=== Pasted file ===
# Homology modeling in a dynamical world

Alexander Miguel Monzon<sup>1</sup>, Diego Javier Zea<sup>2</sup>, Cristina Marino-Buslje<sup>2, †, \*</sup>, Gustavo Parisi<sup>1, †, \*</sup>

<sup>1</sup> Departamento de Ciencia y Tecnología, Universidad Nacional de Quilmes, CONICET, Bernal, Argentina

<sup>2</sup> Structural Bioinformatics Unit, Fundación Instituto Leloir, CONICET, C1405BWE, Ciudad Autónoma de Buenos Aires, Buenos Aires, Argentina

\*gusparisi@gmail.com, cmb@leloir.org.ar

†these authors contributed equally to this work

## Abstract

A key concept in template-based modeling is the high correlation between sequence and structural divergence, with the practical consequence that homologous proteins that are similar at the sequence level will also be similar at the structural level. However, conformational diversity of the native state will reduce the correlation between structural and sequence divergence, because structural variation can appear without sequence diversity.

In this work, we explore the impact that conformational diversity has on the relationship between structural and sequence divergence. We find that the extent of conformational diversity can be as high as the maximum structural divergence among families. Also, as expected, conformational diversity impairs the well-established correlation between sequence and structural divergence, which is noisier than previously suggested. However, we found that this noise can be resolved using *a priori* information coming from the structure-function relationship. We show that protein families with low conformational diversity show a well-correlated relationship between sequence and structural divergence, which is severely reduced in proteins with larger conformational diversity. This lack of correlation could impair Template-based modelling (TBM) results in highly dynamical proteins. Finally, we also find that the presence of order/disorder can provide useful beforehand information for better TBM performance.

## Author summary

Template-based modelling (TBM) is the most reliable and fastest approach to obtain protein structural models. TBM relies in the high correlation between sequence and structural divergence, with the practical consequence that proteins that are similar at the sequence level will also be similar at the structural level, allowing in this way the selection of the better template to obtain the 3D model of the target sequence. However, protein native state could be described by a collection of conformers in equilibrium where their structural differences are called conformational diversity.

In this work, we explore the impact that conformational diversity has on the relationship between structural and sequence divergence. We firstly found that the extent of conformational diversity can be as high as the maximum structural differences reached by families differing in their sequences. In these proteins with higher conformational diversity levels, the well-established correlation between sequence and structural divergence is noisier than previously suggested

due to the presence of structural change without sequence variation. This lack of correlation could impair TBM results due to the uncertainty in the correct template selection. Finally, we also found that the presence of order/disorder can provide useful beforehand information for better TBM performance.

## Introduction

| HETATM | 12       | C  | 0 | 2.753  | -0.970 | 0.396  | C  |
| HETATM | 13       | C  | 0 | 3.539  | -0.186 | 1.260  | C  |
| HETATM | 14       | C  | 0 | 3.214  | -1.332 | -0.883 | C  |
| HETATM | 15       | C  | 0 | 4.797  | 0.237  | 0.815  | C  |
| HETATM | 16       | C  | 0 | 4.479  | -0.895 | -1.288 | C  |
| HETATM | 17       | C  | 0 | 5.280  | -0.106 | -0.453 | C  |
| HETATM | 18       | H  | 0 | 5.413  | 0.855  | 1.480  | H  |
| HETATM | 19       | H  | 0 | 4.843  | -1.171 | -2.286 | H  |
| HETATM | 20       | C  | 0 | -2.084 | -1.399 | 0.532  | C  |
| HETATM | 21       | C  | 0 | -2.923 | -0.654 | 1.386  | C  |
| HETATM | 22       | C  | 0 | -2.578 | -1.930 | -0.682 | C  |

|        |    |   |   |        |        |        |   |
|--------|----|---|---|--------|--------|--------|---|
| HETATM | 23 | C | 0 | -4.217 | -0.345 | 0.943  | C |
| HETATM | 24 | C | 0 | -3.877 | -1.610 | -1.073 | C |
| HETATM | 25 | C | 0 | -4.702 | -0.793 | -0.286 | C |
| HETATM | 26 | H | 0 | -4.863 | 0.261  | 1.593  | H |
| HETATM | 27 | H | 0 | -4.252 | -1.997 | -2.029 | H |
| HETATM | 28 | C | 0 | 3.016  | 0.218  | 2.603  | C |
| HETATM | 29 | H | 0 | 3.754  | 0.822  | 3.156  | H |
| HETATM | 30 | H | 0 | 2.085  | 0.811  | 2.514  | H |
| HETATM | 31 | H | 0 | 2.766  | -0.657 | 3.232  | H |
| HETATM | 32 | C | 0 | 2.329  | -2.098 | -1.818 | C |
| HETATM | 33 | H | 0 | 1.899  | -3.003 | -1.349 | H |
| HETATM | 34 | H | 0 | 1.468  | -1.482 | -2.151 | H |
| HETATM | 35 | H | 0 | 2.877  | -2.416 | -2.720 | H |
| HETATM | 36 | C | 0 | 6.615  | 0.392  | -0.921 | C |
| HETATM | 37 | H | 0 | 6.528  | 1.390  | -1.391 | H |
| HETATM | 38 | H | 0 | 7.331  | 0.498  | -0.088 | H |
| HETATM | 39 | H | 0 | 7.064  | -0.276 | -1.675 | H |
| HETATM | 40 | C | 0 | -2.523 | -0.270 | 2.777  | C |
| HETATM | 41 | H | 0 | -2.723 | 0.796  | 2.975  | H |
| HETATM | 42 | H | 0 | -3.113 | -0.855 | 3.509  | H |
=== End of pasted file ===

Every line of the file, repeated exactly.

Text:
# Homology modeling in a dynamical world

Alexander Miguel Monzon<sup>1</sup>, Diego Javier Zea<sup>2</sup>, Cristina Marino-Buslje<sup>2, †, \*</sup>, Gustavo Parisi<sup>1, †, \*</sup>

<sup>1</sup> Departamento de Ciencia y Tecnología, Universidad Nacional de Quilmes, CONICET, Bernal, Argentina

<sup>2</sup> Structural Bioinformatics Unit, Fundación Instituto Leloir, CONICET, C1405BWE, Ciudad Autónoma de Buenos Aires, Buenos Aires, Argentina

\*gusparisi@gmail.com, cmb@leloir.org.ar

†these authors contributed equally to this work

## Abstract

A key concept in template-based modeling is the high correlation between sequence and structural divergence, with the practical consequence that homologous proteins that are similar at the sequence level will also be similar at the structural level. However, conformational diversity of the native state will reduce the correlation between structural and sequence divergence, because structural variation can appear without sequence diversity.

In this work, we explore the impact that conformational diversity has on the relationship between structural and sequence divergence. We find that the extent of conformational diversity can be as high as the maximum structural divergence among families. Also, as expected, conformational diversity impairs the well-established correlation between sequence and structural divergence, which is noisier than previously suggested. However, we found that this noise can be resolved using *a priori* information coming from the structure-function relationship. We show that protein families with low conformational diversity show a well-correlated relationship between sequence and structural divergence, which is severely reduced in proteins with larger conformational diversity. This lack of correlation could impair Template-based modelling (TBM) results in highly dynamical proteins. Finally, we also find that the presence of order/disorder can provide useful beforehand information for better TBM performance.

## Author summary

Template-based modelling (TBM) is the most reliable and fastest approach to obtain protein structural models. TBM relies in the high correlation between sequence and structural divergence, with the practical consequence that proteins that are similar at the sequence level will also be similar at the structural level, allowing in this way the selection of the better template to obtain the 3D model of the target sequence. However, protein native state could be described by a collection of conformers in equilibrium where their structural differences are called conformational diversity.

In this work, we explore the impact that conformational diversity has on the relationship between structural and sequence divergence. We firstly found that the extent of conformational diversity can be as high as the maximum structural differences reached by families differing in their sequences. In these proteins with higher conformational diversity levels, the well-established correlation between sequence and structural divergence is noisier than previously suggested

due to the presence of structural change without sequence variation. This lack of correlation could impair TBM results due to the uncertainty in the correct template selection. Finally, we also found that the presence of order/disorder can provide useful beforehand information for better TBM performance.

## Introduction

| HETATM | 12       | C  | 0 | 2.753  | -0.970 | 0.396  | C  |
| HETATM | 13       | C  | 0 | 3.539  | -0.186 | 1.260  | C  |
| HETATM | 14       | C  | 0 | 3.214  | -1.332 | -0.883 | C  |
| HETATM | 15       | C  | 0 | 4.797  | 0.237  | 0.815  | C  |
| HETATM | 16       | C  | 0 | 4.479  | -0.895 | -1.288 | C  |
| HETATM | 17       | C  | 0 | 5.280  | -0.106 | -0.453 | C  |
| HETATM | 18       | H  | 0 | 5.413  | 0.855  | 1.480  | H  |
| HETATM | 19       | H  | 0 | 4.843  | -1.171 | -2.286 | H  |
| HETATM | 20       | C  | 0 | -2.084 | -1.399 | 0.532  | C  |
| HETATM | 21       | C  | 0 | -2.923 | -0.654 | 1.386  | C  |
| HETATM | 22       | C  | 0 | -2.578 | -1.930 | -0.682 | C  |

|        |    |   |   |        |        |        |   |
|--------|----|---|---|--------|--------|--------|---|
| HETATM | 23 | C | 0 | -4.217 | -0.345 | 0.943  | C |
| HETATM | 24 | C | 0 | -3.877 | -1.610 | -1.073 | C |
| HETATM | 25 | C | 0 | -4.702 | -0.793 | -0.286 | C |
| HETATM | 26 | H | 0 | -4.863 | 0.261  | 1.593  | H |
| HETATM | 27 | H | 0 | -4.252 | -1.997 | -2.029 | H |
| HETATM | 28 | C | 0 | 3.016  | 0.218  | 2.603  | C |
| HETATM | 29 | H | 0 | 3.754  | 0.822  | 3.156  | H |
| HETATM | 30 | H | 0 | 2.085  | 0.811  | 2.514  | H |
| HETATM | 31 | H | 0 | 2.766  | -0.657 | 3.232  | H |
| HETATM | 32 | C | 0 | 2.329  | -2.098 | -1.818 | C |
| HETATM | 33 | H | 0 | 1.899  | -3.003 | -1.349 | H |
| HETATM | 34 | H | 0 | 1.468  | -1.482 | -2.151 | H |
| HETATM | 35 | H | 0 | 2.877  | -2.416 | -2.720 | H |
| HETATM | 36 | C | 0 | 6.615  | 0.392  | -0.921 | C |
| HETATM | 37 | H | 0 | 6.528  | 1.390  | -1.391 | H |
| HETATM | 38 | H | 0 | 7.331  | 0.498  | -0.088 | H |
| HETATM | 39 | H | 0 | 7.064  | -0.276 | -1.675 | H |
| HETATM | 40 | C | 0 | -2.523 | -0.270 | 2.777  | C |
| HETATM | 41 | H | 0 | -2.723 | 0.796  | 2.975  | H |
| HETATM | 42 | H | 0 | -3.113 | -0.855 | 3.509  | H |